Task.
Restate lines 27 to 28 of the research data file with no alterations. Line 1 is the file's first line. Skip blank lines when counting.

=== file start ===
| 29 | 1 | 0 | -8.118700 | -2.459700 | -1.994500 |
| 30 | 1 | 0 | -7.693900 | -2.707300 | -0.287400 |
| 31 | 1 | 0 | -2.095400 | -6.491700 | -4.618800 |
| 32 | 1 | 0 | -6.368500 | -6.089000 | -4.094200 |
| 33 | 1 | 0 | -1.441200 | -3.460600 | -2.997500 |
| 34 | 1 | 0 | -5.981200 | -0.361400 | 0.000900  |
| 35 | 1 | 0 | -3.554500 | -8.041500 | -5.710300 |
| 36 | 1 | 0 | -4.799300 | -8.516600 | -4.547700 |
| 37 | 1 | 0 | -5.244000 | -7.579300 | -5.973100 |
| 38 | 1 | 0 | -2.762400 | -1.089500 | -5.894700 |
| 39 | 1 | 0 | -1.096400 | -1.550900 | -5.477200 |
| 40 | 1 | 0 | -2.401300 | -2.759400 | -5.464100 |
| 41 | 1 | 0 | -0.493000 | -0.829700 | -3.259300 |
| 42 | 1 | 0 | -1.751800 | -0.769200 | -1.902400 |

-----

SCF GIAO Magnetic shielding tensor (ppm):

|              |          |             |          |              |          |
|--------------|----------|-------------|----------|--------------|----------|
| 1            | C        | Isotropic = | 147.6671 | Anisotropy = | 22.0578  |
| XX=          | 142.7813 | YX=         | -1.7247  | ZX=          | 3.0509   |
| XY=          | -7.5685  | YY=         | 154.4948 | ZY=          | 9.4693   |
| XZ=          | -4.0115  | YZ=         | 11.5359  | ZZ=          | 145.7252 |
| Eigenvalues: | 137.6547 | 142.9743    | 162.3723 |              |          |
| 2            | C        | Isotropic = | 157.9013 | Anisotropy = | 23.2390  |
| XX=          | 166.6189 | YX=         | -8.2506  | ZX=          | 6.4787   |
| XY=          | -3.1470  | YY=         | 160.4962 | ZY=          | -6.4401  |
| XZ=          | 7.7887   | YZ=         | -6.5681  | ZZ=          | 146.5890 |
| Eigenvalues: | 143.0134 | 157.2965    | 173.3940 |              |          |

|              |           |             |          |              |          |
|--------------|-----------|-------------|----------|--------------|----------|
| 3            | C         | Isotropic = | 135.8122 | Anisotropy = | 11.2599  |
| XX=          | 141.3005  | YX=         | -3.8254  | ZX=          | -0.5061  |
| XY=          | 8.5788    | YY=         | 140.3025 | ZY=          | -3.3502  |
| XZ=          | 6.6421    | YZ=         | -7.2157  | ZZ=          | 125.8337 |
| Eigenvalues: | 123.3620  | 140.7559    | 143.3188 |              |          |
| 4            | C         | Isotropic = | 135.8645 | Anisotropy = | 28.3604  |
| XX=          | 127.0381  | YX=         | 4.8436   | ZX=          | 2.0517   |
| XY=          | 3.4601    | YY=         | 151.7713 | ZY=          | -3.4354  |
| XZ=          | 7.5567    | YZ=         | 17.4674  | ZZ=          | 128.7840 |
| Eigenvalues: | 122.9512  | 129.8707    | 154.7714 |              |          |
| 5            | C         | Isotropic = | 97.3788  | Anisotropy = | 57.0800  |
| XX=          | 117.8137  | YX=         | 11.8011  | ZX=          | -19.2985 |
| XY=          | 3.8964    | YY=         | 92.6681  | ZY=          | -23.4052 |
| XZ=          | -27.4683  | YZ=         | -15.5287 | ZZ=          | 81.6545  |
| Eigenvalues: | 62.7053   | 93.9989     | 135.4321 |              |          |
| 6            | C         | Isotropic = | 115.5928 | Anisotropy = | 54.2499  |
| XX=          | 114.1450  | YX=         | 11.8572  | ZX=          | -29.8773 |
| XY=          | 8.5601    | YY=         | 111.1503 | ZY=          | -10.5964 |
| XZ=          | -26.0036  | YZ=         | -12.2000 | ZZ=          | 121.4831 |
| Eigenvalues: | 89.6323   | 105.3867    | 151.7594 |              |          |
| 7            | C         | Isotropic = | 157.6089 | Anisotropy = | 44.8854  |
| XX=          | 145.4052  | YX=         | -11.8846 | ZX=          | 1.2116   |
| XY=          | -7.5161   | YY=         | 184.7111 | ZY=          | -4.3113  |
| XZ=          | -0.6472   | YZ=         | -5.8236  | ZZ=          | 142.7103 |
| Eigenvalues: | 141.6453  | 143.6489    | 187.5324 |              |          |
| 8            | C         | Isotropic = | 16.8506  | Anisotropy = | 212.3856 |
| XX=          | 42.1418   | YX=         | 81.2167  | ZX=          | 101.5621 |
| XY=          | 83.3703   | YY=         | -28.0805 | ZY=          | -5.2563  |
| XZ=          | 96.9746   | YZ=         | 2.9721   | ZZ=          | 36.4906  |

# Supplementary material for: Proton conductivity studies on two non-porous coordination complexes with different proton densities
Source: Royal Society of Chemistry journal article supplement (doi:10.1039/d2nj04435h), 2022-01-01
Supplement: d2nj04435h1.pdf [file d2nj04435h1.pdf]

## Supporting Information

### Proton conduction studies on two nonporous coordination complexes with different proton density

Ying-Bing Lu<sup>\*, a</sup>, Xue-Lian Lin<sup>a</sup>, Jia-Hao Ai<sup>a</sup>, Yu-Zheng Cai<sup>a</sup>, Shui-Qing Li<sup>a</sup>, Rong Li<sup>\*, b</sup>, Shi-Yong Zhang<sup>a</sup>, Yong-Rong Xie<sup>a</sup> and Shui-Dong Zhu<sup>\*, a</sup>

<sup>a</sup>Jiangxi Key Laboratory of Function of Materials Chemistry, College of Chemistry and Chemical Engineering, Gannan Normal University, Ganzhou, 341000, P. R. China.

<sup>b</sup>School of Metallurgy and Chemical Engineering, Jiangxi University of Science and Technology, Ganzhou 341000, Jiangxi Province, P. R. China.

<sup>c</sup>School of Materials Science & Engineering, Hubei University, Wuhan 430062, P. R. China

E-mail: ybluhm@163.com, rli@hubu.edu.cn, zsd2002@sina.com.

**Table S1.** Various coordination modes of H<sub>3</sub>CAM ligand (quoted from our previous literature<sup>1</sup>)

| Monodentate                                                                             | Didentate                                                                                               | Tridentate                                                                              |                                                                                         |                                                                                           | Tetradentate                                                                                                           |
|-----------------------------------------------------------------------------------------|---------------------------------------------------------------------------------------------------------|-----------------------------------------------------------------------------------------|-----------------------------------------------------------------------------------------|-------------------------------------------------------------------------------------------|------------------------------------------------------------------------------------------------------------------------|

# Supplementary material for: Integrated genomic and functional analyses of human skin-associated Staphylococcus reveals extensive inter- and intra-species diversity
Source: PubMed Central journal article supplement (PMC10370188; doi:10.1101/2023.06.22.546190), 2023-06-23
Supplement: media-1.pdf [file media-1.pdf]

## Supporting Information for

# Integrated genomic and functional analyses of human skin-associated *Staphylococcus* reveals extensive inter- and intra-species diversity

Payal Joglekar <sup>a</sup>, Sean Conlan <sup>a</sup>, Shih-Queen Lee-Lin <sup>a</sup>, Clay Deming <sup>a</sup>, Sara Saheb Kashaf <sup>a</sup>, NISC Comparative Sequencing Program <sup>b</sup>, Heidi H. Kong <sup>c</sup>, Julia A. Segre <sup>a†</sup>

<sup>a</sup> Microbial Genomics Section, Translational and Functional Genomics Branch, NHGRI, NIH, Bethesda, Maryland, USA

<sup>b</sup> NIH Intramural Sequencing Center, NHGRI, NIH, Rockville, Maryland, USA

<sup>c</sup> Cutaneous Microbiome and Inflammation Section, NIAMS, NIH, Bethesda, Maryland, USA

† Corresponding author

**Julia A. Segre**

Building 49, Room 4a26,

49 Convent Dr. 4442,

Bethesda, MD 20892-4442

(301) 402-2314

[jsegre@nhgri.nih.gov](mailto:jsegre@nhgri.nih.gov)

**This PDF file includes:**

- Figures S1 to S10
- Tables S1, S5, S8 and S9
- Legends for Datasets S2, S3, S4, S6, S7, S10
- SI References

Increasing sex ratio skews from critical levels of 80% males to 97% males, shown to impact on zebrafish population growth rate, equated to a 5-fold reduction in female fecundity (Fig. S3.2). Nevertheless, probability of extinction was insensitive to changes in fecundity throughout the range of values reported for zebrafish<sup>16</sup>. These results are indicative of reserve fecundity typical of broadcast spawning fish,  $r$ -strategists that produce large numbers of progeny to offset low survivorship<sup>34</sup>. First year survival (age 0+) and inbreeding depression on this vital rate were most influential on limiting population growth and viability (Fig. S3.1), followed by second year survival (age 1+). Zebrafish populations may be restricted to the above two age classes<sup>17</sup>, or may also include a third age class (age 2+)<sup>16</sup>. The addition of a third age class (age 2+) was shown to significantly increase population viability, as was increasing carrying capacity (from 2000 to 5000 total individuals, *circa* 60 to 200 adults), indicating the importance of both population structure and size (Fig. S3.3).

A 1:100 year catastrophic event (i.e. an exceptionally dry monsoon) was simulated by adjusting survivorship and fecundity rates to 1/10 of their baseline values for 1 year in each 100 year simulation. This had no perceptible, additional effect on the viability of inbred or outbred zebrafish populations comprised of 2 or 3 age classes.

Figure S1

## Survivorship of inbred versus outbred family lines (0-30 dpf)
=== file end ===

| XZ=          | 7.7887   | YZ=         | -6.5681  | ZZ=          | 146.5890 |
| Eigenvalues: | 143.0134 | 157.2965    | 173.3940 |              |          |